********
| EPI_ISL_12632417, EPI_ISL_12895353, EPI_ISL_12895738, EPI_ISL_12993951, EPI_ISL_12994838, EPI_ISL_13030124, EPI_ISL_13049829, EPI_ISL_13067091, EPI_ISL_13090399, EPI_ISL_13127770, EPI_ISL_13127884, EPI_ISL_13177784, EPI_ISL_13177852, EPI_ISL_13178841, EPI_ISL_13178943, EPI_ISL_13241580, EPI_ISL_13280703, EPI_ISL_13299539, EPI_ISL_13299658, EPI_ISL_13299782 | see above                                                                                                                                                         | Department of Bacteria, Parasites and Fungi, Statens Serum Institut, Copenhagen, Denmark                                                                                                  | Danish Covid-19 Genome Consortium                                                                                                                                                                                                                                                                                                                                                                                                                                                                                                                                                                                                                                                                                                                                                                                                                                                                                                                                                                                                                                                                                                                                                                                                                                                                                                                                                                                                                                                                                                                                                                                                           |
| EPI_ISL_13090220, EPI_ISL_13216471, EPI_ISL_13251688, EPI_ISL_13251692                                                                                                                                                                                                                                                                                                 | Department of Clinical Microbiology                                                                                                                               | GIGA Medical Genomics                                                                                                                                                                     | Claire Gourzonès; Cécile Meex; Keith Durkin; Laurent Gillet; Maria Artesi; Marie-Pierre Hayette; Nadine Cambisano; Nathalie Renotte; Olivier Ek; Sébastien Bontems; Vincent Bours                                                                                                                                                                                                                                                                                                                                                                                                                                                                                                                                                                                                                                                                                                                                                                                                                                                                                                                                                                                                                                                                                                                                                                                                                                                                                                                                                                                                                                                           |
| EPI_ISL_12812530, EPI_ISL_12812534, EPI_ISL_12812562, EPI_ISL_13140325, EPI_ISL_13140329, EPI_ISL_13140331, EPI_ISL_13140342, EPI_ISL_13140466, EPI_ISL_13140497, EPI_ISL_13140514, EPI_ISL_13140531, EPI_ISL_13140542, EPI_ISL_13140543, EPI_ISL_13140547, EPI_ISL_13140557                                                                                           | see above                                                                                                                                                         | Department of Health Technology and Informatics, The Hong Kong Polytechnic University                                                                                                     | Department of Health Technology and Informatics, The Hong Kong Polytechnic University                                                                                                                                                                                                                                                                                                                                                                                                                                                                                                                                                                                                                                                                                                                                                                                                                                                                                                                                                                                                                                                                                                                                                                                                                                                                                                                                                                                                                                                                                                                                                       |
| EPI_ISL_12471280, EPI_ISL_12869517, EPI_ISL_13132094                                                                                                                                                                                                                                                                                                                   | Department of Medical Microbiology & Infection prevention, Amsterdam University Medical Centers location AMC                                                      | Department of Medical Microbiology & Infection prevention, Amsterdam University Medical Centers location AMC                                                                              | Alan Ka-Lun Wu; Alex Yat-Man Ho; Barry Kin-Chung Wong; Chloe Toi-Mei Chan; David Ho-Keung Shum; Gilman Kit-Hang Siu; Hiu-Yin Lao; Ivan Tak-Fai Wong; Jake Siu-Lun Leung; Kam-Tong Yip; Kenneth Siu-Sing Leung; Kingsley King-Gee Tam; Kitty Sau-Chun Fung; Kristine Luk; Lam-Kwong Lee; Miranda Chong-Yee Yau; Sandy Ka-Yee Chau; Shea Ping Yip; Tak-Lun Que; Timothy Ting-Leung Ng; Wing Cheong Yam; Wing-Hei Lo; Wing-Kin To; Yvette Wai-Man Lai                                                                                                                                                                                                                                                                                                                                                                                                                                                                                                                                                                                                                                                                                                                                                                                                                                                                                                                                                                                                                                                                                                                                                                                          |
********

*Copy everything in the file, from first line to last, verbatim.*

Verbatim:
| EPI_ISL_12632417, EPI_ISL_12895353, EPI_ISL_12895738, EPI_ISL_12993951, EPI_ISL_12994838, EPI_ISL_13030124, EPI_ISL_13049829, EPI_ISL_13067091, EPI_ISL_13090399, EPI_ISL_13127770, EPI_ISL_13127884, EPI_ISL_13177784, EPI_ISL_13177852, EPI_ISL_13178841, EPI_ISL_13178943, EPI_ISL_13241580, EPI_ISL_13280703, EPI_ISL_13299539, EPI_ISL_13299658, EPI_ISL_13299782 | see above                                                                                                                                                         | Department of Bacteria, Parasites and Fungi, Statens Serum Institut, Copenhagen, Denmark                                                                                                  | Danish Covid-19 Genome Consortium                                                                                                                                                                                                                                                                                                                                                                                                                                                                                                                                                                                                                                                                                                                                                                                                                                                                                                                                                                                                                                                                                                                                                                                                                                                                                                                                                                                                                                                                                                                                                                                                           |
| EPI_ISL_13090220, EPI_ISL_13216471, EPI_ISL_13251688, EPI_ISL_13251692                                                                                                                                                                                                                                                                                                 | Department of Clinical Microbiology                                                                                                                               | GIGA Medical Genomics                                                                                                                                                                     | Claire Gourzonès; Cécile Meex; Keith Durkin; Laurent Gillet; Maria Artesi; Marie-Pierre Hayette; Nadine Cambisano; Nathalie Renotte; Olivier Ek; Sébastien Bontems; Vincent Bours                                                                                                                                                                                                                                                                                                                                                                                                                                                                                                                                                                                                                                                                                                                                                                                                                                                                                                                                                                                                                                                                                                                                                                                                                                                                                                                                                                                                                                                           |
| EPI_ISL_12812530, EPI_ISL_12812534, EPI_ISL_12812562, EPI_ISL_13140325, EPI_ISL_13140329, EPI_ISL_13140331, EPI_ISL_13140342, EPI_ISL_13140466, EPI_ISL_13140497, EPI_ISL_13140514, EPI_ISL_13140531, EPI_ISL_13140542, EPI_ISL_13140543, EPI_ISL_13140547, EPI_ISL_13140557                                                                                           | see above                                                                                                                                                         | Department of Health Technology and Informatics, The Hong Kong Polytechnic University                                                                                                     | Department of Health Technology and Informatics, The Hong Kong Polytechnic University                                                                                                                                                                                                                                                                                                                                                                                                                                                                                                                                                                                                                                                                                                                                                                                                                                                                                                                                                                                                                                                                                                                                                                                                                                                                                                                                                                                                                                                                                                                                                       |
| EPI_ISL_12471280, EPI_ISL_12869517, EPI_ISL_13132094                                                                                                                                                                                                                                                                                                                   | Department of Medical Microbiology & Infection prevention, Amsterdam University Medical Centers location AMC                                                      | Department of Medical Microbiology & Infection prevention, Amsterdam University Medical Centers location AMC                                                                              | Alan Ka-Lun Wu; Alex Yat-Man Ho; Barry Kin-Chung Wong; Chloe Toi-Mei Chan; David Ho-Keung Shum; Gilman Kit-Hang Siu; Hiu-Yin Lao; Ivan Tak-Fai Wong; Jake Siu-Lun Leung; Kam-Tong Yip; Kenneth Siu-Sing Leung; Kingsley King-Gee Tam; Kitty Sau-Chun Fung; Kristine Luk; Lam-Kwong Lee; Miranda Chong-Yee Yau; Sandy Ka-Yee Chau; Shea Ping Yip; Tak-Lun Que; Timothy Ting-Leung Ng; Wing Cheong Yam; Wing-Hei Lo; Wing-Kin To; Yvette Wai-Man Lai                                                                                                                                                                                                                                                                                                                                                                                                                                                                                                                                                                                                                                                                                                                                                                                                                                                                                                                                                                                                                                                                                                                                                                                          |